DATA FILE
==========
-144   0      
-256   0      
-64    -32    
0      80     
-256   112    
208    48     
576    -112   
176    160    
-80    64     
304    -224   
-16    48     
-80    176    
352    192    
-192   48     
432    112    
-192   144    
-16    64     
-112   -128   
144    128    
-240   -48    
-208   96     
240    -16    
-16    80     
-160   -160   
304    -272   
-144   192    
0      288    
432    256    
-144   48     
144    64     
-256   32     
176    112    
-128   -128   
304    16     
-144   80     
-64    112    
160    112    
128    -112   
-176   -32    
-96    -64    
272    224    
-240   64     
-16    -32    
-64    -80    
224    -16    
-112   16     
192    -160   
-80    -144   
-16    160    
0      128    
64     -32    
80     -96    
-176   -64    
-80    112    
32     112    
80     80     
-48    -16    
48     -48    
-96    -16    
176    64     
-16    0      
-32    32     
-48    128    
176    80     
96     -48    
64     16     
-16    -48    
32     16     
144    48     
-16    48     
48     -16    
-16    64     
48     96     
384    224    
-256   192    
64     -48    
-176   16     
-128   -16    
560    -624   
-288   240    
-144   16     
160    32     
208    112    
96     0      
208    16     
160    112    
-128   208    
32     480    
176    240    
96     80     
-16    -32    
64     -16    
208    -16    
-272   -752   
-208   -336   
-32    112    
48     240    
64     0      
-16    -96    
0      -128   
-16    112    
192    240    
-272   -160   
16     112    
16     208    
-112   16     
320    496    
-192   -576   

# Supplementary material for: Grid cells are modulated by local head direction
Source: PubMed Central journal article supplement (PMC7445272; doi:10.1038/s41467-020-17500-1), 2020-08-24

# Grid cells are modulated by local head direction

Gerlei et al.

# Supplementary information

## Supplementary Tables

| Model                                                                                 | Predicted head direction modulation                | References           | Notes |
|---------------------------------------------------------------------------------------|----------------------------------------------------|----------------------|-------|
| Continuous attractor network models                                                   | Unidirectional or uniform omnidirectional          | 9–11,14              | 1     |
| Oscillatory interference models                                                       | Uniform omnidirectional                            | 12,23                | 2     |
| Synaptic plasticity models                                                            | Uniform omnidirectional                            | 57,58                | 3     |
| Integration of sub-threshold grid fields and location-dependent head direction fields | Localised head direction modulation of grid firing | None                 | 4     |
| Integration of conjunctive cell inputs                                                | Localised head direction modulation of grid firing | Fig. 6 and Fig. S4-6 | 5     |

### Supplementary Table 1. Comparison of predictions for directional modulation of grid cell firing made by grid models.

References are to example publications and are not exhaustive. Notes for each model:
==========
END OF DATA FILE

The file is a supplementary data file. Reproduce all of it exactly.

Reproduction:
-144   0      
-256   0      
-64    -32    
0      80     
-256   112    
208    48     
576    -112   
176    160    
-80    64     
304    -224   
-16    48     
-80    176    
352    192    
-192   48     
432    112    
-192   144    
-16    64     
-112   -128   
144    128    
-240   -48    
-208   96     
240    -16    
-16    80     
-160   -160   
304    -272   
-144   192    
0      288    
432    256    
-144   48     
144    64     
-256   32     
176    112    
-128   -128   
304    16     
-144   80     
-64    112    
160    112    
128    -112   
-176   -32    
-96    -64    
272    224    
-240   64     
-16    -32    
-64    -80    
224    -16    
-112   16     
192    -160   
-80    -144   
-16    160    
0      128    
64     -32    
80     -96    
-176   -64    
-80    112    
32     112    
80     80     
-48    -16    
48     -48    
-96    -16    
176    64     
-16    0      
-32    32     
-48    128    
176    80     
96     -48    
64     16     
-16    -48    
32     16     
144    48     
-16    48     
48     -16    
-16    64     
48     96     
384    224    
-256   192    
64     -48    
-176   16     
-128   -16    
560    -624   
-288   240    
-144   16     
160    32     
208    112    
96     0      
208    16     
160    112    
-128   208    
32     480    
176    240    
96     80     
-16    -32    
64     -16    
208    -16    
-272   -752   
-208   -336   
-32    112    
48     240    
64     0      
-16    -96    
0      -128   
-16    112    
192    240    
-272   -160   
16     112    
16     208    
-112   16     
320    496    
-192   -576   

# Supplementary material for: Grid cells are modulated by local head direction
Source: PubMed Central journal article supplement (PMC7445272; doi:10.1038/s41467-020-17500-1), 2020-08-24

# Grid cells are modulated by local head direction

Gerlei et al.

# Supplementary information

## Supplementary Tables

| Model                                                                                 | Predicted head direction modulation                | References           | Notes |
|---------------------------------------------------------------------------------------|----------------------------------------------------|----------------------|-------|
| Continuous attractor network models                                                   | Unidirectional or uniform omnidirectional          | 9–11,14              | 1     |
| Oscillatory interference models                                                       | Uniform omnidirectional                            | 12,23                | 2     |
| Synaptic plasticity models                                                            | Uniform omnidirectional                            | 57,58                | 3     |
| Integration of sub-threshold grid fields and location-dependent head direction fields | Localised head direction modulation of grid firing | None                 | 4     |
| Integration of conjunctive cell inputs                                                | Localised head direction modulation of grid firing | Fig. 6 and Fig. S4-6 | 5     |

### Supplementary Table 1. Comparison of predictions for directional modulation of grid cell firing made by grid models.

References are to example publications and are not exhaustive. Notes for each model: